Conviction and Trial[edit]

A March 10 autopsy showed that Straumanis had died between three and seven days earlier as a result of asphyxia due to neck compression, most likely by strangulation; her neck bore a rectangular-shaped injury. Other injuries were determined to have occurred sometime within the few days prior to her death, including a small abrasion on the forehead, a bruise on the back of one thigh, and a fractured sternum. Changes caused by decomposition of the body made determination of the existence of any sexual assault difficult and although her anus was dilated, there was no evidence of injury to the perianal skin or distal rectum. Testing revealed that Straumanis had a staggeringly high blood-alcohol level of 0.37 percent, which would have caused unconsciousness and possibly death.

The State charged Dennis with one count of first-degree murder with the use of a deadly weapon and subsequently filed notice of its intent to seek the death penalty alleging four aggravating circumstances. A psychiatrist concluded that, although Dennis was clinically depressed, he was competent to stand trial and assist in his defense.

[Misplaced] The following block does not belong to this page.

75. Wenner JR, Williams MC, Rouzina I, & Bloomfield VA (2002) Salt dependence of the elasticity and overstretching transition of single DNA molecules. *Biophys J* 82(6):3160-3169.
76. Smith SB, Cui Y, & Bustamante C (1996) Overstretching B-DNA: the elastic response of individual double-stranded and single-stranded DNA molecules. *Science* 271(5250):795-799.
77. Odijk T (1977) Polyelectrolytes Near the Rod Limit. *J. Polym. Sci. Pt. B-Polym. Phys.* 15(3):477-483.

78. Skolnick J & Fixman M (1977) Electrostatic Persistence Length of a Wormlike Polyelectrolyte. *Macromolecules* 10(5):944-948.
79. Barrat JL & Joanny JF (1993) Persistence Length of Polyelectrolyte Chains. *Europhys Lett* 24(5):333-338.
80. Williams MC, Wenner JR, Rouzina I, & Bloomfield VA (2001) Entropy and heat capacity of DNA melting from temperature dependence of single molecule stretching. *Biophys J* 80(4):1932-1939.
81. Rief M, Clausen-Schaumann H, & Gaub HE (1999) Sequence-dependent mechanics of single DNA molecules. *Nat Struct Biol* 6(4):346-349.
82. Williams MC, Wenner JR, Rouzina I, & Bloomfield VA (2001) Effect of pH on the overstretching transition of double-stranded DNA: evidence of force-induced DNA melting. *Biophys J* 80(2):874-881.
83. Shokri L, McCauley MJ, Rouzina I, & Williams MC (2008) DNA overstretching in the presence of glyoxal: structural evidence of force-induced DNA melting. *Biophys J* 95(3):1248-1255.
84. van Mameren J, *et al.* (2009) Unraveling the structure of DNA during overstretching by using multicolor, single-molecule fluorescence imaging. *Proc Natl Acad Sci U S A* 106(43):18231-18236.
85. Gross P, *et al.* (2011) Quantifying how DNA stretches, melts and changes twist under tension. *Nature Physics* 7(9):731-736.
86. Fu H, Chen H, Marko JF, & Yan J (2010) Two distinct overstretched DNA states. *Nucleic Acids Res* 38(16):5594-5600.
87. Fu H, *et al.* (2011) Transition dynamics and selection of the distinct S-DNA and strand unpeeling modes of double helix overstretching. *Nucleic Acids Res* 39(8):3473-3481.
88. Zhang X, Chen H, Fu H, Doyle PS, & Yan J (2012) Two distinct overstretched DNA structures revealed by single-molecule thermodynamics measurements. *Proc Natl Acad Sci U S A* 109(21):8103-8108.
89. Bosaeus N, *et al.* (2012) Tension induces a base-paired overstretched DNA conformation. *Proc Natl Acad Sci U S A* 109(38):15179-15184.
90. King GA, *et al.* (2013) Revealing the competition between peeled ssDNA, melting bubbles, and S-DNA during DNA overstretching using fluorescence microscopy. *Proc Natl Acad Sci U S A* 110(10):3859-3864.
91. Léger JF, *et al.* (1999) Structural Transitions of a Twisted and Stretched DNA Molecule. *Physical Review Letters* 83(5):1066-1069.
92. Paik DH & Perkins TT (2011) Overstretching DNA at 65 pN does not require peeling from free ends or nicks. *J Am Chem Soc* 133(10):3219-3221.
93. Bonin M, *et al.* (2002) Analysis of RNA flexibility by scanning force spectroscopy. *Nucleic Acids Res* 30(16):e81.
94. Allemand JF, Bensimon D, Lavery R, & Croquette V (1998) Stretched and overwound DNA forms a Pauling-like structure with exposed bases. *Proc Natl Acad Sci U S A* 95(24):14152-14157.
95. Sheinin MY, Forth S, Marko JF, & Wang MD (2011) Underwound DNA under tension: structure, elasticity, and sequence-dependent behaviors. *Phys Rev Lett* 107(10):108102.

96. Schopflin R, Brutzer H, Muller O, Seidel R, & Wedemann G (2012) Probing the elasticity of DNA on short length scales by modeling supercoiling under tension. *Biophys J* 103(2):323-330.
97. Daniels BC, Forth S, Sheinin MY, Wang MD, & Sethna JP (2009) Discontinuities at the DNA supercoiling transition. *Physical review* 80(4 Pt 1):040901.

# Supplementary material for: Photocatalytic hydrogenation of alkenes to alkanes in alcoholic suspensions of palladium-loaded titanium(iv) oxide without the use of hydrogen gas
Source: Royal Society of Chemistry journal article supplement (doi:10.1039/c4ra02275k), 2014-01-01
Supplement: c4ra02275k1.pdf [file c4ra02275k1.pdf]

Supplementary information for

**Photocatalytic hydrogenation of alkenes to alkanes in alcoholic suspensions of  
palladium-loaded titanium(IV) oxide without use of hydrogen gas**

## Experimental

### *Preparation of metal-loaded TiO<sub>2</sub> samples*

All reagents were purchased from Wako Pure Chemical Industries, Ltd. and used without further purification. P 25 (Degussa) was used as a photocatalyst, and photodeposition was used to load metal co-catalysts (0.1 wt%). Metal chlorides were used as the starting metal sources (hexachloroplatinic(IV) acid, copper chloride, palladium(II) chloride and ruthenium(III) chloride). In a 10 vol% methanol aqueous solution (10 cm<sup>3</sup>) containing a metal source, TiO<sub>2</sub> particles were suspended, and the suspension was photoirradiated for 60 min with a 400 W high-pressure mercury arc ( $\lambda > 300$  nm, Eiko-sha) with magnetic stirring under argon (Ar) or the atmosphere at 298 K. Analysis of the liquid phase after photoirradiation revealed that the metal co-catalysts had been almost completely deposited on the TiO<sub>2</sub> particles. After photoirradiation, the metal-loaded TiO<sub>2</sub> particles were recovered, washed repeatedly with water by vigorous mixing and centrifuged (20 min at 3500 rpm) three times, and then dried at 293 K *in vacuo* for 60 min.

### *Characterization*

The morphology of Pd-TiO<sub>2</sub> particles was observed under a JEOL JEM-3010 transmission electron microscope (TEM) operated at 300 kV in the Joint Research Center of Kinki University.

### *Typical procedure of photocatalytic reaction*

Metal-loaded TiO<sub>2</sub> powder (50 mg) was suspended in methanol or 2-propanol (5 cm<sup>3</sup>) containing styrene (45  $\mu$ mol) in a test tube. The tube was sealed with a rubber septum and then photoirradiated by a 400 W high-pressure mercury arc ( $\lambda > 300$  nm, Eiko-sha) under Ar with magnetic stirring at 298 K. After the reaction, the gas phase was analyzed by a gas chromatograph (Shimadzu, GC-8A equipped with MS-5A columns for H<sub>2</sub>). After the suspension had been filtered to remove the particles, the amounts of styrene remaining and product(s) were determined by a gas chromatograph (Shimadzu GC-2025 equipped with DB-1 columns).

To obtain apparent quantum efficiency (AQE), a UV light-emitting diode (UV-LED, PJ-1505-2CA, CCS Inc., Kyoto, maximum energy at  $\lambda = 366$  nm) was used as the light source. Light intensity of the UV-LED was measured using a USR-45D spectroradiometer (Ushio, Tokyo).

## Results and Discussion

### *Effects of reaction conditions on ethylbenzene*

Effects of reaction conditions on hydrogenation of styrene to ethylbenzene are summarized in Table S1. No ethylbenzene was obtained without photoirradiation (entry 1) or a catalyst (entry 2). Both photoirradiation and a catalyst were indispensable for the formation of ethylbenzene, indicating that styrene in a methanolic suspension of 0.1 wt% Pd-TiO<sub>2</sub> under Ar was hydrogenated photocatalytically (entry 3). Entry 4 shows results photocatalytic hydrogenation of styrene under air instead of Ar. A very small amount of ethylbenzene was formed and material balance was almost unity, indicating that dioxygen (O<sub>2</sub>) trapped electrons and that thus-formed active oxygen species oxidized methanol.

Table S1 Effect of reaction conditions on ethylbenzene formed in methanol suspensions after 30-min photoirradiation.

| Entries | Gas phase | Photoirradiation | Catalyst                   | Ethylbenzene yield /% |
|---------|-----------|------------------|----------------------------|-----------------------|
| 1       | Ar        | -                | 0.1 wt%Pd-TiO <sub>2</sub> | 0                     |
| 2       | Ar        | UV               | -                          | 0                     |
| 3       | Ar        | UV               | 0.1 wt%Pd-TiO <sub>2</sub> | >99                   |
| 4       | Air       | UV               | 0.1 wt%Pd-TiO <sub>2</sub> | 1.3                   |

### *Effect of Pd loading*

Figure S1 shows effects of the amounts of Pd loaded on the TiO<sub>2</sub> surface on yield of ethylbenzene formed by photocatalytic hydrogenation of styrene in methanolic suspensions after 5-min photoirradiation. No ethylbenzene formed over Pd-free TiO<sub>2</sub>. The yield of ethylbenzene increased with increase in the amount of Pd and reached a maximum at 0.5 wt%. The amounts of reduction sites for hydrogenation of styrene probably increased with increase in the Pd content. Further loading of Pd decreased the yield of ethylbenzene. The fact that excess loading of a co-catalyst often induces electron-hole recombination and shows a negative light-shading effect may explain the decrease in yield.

On April 16, 1999, Dennis entered a guilty plea in the Second Judicial District Court, Washoe County pursuant to a written plea agreement explaining that he had been in prison twice before and did not consider living in prison to be "living at all." He did not want to "waste away" in prison for the remainder of his life and would rather "get it over faster than that." Dennis was sentenced to death three months later by a three-judge panel.


On the day of execution the Supreme Court of the United States denied a stay. Dennis offered no final words. He had two cheeseburgers and a Coke with ice as his last meal.

Prior Medical and Criminal History[edit]

In 1995 Dennis was diagnosed with chronic depressive disorder, recurrent depressive disorder, suicidal ideation, antisocial personality disorder, post-traumatic stress disorder, bipolar disorder, and substance-induced psychotic disorder.

Dennis had been previously convicted of three separate felonies involving the use or threat of violence—a 1979 conviction for second-degree assault, a 1984 conviction for second-degree assault, and a 1984 conviction for second-degree arson.

See also[edit]


  • Michelangelo Delfino and Mary E. Day, Death Penalty USA 2003 -2004, (2008), 298-302.
  • Dennis v. Budge (2004) 542 U.S. 959.
  • Dennis v. State (2000) 13 P.3d 434.